The biggest problem that the Design Sprint faces is that of effectiveness perception. Those running the business will inevitably think that taking up to 7 people from the team off their jobs for 5 consecutive days is a huge cost to the business. However, that mentality of starting in the negative is unhelpful. Instead, design sprints should be seen by leadership as a way of really refining a broad idea before you start extensive (and expensive) development work and end up going in the wrong direction. They prevent a lot of mistakes too, as your key decision-makers are all involved and on the same page by the end of the sprint. 35 employee days that a 7-person design sprint takes is far better than a team of 10 developers blindly building something for 4 months, isn’t it?
(That being said, I have run 3-day design sprints before which are very tiring but doable, if stakeholder commitments are an issue.)
The rapid prototype produced on days 3 and 4 is where it really starts to get interesting. You don’t need a designer or a developer for this. Programmes such as InVision are great to make clickable, basic wireframe prototypes, with no coding or design required. They don’t need to be pretty – they need to set out the core user journeys, which you will have established and defined as a group in the previous days of the sprint.
Testing the prototype with 4 to 5 users is key. If this is an internal product, that’s easier – get 4 or 5 members of staff who have not been involved in the sprint to do a structured user testing session. If you need external users, pay them to come in! You won’t get valuable feedback unless you give the users some cash to give their honest opinion – noone does anything for free, after all. There are great agencies out there who can source suitable users for you and this is the sprint lead’s homework to organise ahead of time. The investment is worth it.
Once you have tested, the sprint group reflects on the results on the final day of the sprint. Here you ask: what worked? What didn’t work? And most importantly, is this idea still viable and something that we as a business want to pursue? If it’s not, that’s okay! Finding that out at this stage is far more helpful than trying to flog a dead horse out in the marketplace.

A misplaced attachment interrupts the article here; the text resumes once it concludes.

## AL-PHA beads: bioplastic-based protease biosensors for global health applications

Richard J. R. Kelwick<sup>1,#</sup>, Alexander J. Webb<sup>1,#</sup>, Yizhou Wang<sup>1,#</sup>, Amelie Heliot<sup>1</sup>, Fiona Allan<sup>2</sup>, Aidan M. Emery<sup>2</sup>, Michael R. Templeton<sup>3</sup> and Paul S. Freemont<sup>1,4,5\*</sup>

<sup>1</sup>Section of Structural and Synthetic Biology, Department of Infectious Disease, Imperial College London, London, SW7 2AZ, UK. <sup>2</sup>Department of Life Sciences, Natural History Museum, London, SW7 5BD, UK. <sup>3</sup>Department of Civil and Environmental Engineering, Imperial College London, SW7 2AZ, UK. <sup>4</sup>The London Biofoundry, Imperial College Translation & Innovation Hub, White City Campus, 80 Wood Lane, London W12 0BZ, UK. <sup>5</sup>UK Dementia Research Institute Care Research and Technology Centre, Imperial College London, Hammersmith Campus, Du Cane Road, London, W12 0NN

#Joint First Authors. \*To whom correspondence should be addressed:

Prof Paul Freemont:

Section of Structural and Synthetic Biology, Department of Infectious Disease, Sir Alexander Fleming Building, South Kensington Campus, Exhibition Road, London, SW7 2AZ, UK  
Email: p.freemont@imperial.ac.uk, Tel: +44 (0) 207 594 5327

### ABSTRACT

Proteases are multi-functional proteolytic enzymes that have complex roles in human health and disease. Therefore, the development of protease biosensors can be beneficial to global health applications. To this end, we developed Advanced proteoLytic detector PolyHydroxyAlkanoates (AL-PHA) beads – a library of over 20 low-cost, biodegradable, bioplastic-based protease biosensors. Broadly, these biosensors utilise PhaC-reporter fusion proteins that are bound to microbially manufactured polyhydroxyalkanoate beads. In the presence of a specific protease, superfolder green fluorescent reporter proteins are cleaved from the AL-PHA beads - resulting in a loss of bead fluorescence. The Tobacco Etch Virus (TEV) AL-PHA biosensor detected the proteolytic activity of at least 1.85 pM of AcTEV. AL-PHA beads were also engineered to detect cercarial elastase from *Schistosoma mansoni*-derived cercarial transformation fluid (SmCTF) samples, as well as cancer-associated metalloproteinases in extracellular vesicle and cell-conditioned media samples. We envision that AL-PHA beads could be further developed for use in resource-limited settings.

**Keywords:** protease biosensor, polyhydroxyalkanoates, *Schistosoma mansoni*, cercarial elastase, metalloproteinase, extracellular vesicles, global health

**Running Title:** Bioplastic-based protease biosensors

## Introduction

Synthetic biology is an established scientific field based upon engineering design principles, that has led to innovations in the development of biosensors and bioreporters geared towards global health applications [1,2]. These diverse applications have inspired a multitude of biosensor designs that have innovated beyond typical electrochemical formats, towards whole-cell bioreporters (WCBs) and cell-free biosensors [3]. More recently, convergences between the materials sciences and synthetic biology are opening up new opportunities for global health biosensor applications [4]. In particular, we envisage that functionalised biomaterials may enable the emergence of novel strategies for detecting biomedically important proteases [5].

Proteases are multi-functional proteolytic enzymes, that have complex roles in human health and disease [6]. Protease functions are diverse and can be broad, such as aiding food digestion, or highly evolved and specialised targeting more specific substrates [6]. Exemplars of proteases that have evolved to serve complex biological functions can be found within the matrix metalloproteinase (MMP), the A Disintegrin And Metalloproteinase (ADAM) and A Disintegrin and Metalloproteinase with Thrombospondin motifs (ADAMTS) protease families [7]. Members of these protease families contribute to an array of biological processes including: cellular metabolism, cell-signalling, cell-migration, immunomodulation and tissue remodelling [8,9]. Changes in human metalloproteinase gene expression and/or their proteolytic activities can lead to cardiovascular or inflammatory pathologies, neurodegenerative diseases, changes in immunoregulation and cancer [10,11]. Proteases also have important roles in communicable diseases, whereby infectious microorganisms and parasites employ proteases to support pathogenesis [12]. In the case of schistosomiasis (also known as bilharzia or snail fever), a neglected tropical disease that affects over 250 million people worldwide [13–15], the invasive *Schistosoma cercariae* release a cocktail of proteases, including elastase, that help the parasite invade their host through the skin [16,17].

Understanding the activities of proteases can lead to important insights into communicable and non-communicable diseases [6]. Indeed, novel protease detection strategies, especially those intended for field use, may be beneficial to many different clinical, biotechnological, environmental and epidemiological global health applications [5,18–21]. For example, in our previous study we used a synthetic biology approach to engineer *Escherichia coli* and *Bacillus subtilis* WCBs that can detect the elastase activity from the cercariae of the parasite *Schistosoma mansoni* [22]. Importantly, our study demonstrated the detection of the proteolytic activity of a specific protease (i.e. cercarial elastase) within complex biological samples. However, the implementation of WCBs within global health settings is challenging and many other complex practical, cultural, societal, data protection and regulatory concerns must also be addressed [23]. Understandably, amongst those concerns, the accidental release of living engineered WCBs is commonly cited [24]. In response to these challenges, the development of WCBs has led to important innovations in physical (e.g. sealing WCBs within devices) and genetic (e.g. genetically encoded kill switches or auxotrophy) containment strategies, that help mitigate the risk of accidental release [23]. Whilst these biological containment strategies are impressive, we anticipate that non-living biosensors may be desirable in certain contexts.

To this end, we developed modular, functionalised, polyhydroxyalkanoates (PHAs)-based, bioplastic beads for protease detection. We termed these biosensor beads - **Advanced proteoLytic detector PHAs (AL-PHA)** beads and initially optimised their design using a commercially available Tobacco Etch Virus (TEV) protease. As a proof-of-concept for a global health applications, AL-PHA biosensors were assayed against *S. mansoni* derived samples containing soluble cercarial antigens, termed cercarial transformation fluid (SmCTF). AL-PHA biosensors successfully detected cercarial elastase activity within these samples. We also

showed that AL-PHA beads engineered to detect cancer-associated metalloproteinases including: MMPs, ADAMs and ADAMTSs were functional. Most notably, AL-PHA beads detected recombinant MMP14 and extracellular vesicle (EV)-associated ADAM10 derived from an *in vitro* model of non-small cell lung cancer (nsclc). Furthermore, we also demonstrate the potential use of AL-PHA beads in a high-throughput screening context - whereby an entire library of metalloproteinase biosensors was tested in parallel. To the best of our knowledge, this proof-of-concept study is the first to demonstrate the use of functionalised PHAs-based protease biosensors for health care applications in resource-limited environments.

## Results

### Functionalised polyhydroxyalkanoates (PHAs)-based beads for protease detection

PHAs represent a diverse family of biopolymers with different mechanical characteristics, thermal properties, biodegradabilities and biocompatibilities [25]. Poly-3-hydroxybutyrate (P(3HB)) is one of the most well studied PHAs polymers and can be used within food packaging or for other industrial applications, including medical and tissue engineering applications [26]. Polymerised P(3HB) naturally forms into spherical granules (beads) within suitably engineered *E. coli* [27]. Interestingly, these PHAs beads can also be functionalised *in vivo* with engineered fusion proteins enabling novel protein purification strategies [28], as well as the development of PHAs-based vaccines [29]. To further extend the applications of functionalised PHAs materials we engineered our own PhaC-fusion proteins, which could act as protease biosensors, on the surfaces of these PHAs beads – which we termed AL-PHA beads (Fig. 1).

An effective design sprint requires just two things:
- Buy-in from all those involved
- Preparedness from the project lead
With these two elements, you will find that you can get an MVP product established far more quickly than you would expect.
Post-sprint, the PM should always ask for honest feedback about what went well and what didn’t. Don’t take this personally. Instead, see it as a learning that can be improved upon next time.
I appreciate that the Design Sprint is a very different way of working for most people, so they can take some time to get used to. However, once engaged, all participants end up seeing the value in the process.
And hey, GV use it and they seem to be doing pretty well… Heard of Uber, Medium, Slack or Stripe? They are just some of the names to come out of GV’s portfolio having used this methodology, so do give the book a read and try a design sprint.
Emily initially worked as the Product Manager for Basement Crowd’s product, FromCounsel, before getting big corporate experience and moving to Penguin Random House. After being a Product Manager at Penguin and working across multiple B2C projects for some of the world’s most well-known authors, Emily returned to Basement Crowd to work on Juriosity from a strategic and BD perspective. She enjoys the overlap of product and strategy, with a sharp consumer focus. Emily holds a degree in Politics from the University of Cambridge.